How Aussie Gay Marriage Debate Moved to Mailboxes: QuickTake Q&A – Bloomberg

Hold your celebration.

A majority of Australians, including Prime Minister Malcolm Turnbull, support changing the law to allow same-sex marriage. Yet while neighboring New Zealand and other English-speaking nations have legalized such unions, it remains a divisive political issue Down Under. With Turnbulls governing coalition at loggerheads and his authority on the line, the government plans to hold a nationwide postal vote to help decide the way ahead. Marriage equality advocates say that could unleash a tide of bigotry, while Turnbulls refusal to campaign on the issue is raising fresh questions about what he stands for.

It is indeed. The largest city, Sydney, hosts one of the worlds biggest Gay and Lesbian Mardi Gras parades and is known as the San Francisco of the Southern Hemisphere for its large gay community. But while the U.S., the U.K, Canada and New Zealand now allow same-sex unions, Australia remains a laggard.

Far from it — a poll last year showed 64 percent of respondents backed changing the law, with only 26 percent against. Major companies such as Commonwealth Bank of Australia and Qantas Airways Ltd. have also been vocal in their support. And the number of same-sex couples is rising, about 46,800 in the 2016 census, up 39 percent from 2011

Because the ruling center-right Liberal Party is split between social progressives like Turnbull, and conservatives like his predecessor Tony Abbott. When Turnbull seized the leadership two years ago, he needed to keep conservatives on-side so retained Abbotts policy on same-sex marriage. That was allowing Australian voters to make the final decision through a mandatory public vote, known as a plebiscite. But that path has been blocked in the Senate twice, so he needs to find another way to break the deadlock.

A voluntary postal vote, conducted by the Australian Bureau of Statistics, will now be held, with polling closing on Nov. 15. Should opinion polls be replicated and the majority back same-sex unions, Turnbull says he will tell his lawmakers to support a marriage equality bill and the legislation could be approved by the end of the year.

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Not so fast. Some gay-rights lobbyists hate the idea of a public vote, saying it will unleash a tide of bigotry against a vulnerable part of the community; they have vowed to try to stop the process in the courts. Some say the idea of a postal vote, costing taxpayers A$122 million ($97 million) and conducted by a bureau that was criticized for its handling of a problem-plagued national census last year, is outdated in the internet era. They fear older, more conservative Aussies who back the status quo will be more likely to vote than younger generations. And even if a pro-gay marriage result is returned, Turnbull cant compel his lawmakers to respect the result — indeed some are already indicating they wont.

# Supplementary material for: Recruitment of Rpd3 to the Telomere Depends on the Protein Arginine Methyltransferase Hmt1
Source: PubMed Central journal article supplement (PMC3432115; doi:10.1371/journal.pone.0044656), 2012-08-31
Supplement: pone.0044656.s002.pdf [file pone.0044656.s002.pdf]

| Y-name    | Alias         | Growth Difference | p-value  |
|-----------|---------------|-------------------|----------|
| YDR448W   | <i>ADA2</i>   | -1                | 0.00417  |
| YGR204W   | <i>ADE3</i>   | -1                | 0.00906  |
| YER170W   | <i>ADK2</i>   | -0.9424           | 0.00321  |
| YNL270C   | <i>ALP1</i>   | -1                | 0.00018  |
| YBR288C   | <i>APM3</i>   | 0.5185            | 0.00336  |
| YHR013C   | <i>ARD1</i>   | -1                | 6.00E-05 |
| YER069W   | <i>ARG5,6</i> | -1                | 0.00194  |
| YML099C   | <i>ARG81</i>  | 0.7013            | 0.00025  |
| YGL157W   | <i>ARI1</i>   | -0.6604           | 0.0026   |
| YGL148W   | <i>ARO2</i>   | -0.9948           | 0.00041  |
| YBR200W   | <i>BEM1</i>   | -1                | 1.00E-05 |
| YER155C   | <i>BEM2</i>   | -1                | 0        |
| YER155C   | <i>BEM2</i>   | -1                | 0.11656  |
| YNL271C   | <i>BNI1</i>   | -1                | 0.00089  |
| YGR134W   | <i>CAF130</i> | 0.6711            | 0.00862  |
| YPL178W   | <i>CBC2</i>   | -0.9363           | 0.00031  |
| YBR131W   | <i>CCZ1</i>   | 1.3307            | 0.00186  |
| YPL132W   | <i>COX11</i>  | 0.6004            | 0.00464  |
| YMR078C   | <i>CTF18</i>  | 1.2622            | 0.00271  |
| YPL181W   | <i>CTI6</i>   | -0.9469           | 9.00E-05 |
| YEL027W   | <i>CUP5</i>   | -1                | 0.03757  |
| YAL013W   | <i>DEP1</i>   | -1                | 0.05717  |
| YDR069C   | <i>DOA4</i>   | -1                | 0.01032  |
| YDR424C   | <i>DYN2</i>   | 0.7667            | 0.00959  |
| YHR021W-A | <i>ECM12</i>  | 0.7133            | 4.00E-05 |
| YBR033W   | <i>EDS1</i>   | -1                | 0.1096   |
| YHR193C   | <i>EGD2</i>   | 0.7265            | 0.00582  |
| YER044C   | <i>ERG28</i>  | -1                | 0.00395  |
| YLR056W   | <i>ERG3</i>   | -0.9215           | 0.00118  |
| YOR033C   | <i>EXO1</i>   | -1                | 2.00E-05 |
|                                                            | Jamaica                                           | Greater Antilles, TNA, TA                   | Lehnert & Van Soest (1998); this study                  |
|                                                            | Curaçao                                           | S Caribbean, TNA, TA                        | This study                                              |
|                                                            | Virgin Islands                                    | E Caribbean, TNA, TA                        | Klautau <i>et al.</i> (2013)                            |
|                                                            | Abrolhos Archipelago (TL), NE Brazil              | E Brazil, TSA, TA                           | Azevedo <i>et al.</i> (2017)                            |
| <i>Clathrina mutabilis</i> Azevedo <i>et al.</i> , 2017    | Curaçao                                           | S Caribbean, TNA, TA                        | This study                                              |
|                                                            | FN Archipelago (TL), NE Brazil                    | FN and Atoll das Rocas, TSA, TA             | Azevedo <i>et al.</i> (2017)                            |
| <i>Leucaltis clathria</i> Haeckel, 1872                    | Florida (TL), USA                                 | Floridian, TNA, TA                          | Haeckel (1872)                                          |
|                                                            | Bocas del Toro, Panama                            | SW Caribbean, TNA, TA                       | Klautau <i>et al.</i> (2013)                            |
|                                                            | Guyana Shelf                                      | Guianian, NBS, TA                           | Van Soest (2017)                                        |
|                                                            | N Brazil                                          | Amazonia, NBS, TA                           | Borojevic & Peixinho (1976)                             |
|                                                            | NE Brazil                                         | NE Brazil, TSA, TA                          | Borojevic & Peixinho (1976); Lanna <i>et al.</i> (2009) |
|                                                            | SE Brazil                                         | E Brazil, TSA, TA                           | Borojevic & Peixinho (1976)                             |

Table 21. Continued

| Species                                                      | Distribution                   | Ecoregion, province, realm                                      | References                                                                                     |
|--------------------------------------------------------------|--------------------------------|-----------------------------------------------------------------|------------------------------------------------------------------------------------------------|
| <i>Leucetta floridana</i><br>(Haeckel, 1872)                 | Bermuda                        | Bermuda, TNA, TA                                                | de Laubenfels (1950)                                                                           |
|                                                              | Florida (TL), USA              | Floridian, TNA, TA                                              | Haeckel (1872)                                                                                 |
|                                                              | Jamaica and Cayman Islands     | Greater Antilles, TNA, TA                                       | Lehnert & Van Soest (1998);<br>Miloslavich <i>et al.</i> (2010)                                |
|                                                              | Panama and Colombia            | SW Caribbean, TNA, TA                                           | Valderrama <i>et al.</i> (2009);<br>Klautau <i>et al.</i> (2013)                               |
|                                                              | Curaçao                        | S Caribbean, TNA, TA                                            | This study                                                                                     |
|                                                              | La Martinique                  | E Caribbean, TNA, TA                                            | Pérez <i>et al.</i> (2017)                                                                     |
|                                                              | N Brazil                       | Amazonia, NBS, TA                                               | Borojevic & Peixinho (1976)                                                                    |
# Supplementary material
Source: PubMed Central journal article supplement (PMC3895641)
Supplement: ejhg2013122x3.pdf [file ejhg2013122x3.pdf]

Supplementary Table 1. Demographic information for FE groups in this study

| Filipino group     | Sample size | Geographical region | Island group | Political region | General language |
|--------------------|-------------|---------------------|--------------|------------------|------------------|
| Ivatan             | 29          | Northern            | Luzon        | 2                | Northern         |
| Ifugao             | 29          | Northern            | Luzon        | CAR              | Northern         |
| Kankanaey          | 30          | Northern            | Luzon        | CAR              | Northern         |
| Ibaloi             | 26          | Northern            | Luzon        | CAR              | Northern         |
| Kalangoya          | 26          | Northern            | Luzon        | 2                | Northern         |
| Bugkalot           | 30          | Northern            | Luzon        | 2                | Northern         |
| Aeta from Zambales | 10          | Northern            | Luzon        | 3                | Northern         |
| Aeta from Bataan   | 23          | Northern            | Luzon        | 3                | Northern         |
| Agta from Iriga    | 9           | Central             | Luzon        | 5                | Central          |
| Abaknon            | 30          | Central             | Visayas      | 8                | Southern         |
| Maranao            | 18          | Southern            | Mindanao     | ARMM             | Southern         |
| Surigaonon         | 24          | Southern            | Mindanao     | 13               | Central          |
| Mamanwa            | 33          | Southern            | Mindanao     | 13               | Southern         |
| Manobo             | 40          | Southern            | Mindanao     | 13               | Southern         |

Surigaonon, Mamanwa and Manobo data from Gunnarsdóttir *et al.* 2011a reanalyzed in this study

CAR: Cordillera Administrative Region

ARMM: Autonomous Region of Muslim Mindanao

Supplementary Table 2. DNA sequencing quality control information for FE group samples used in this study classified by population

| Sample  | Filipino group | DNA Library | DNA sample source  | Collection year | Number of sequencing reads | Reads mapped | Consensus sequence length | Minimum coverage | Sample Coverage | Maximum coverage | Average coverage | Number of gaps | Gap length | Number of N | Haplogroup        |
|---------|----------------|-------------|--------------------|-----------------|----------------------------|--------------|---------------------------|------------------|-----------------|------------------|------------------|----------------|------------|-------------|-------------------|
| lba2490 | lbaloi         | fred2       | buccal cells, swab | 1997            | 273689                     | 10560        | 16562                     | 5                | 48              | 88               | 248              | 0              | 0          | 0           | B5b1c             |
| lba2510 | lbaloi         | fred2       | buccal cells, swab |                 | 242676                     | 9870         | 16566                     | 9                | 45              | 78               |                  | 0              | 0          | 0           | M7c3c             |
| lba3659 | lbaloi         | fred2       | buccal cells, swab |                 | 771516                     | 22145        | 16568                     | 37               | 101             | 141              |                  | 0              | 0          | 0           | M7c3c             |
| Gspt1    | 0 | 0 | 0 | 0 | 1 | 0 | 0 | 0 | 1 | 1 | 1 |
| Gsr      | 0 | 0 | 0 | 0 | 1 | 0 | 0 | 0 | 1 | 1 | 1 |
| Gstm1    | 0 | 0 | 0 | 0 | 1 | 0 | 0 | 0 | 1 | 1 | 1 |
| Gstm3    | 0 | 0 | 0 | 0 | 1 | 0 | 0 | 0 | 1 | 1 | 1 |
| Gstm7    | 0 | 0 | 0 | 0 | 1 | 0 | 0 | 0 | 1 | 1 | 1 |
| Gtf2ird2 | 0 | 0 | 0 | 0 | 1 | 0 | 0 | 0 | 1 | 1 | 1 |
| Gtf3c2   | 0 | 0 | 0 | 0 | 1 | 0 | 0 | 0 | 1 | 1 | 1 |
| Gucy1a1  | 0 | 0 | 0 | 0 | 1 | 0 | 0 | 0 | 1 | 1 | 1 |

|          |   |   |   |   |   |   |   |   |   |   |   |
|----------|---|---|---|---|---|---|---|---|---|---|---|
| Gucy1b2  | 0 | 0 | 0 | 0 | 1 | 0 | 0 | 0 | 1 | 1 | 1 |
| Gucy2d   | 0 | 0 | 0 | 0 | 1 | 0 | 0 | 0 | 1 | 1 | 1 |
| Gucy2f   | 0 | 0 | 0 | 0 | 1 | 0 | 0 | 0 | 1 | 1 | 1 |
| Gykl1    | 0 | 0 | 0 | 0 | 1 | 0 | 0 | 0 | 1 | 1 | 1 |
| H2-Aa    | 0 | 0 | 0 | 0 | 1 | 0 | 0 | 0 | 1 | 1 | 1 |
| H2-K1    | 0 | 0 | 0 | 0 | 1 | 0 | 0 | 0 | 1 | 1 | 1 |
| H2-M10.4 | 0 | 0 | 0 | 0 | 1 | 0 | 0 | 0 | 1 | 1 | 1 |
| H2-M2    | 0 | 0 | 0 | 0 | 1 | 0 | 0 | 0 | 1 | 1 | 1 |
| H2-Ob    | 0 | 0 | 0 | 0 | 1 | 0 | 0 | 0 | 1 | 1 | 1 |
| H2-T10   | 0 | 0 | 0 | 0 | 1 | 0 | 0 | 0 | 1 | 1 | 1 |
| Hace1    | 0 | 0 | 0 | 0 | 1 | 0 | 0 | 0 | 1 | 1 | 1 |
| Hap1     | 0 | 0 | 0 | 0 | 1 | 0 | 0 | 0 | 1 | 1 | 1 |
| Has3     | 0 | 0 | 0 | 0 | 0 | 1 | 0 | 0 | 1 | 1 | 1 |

He says no. The prime minister says the issue isnt of major concern to average Australians, who are more focused on economic growth and national security. Meanwhile Abbott, who remains a thorn in Turnbulls side on the backbenches, is urging Australians to vote against same-sex marriage, saying it would undermine religious freedoms.

Since becoming prime minister, Turnbull, 62, has disappointed many Australians by not taking a more progressive approach on issues hed previously championed — such as tough action on climate change and leading Australia to become a republic. His leadership and political judgment have been questioned since he triggered an early election last year, which he subsequently won by a single seat — a margin now in doubt due to eligibility concerns over Deputy Prime Minister Barnaby Joyce. Conflict in the party over marriage equality has the potential to further undermine his authority and some question whether he can survive to lead the government to elections due in 2019. That could see a return to the political chaos that resulted in Australia churning through five prime ministers in the past decade, bringing with it crippling policy inertia. Meanwhile, theres a chance Australias gay and lesbian community will be forced to wait a lot longer for the equality it craves.

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How Aussie Gay Marriage Debate Moved to Mailboxes: QuickTake Q&A – Bloomberg

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August 21, 2017   Posted in: Gay Marriage |

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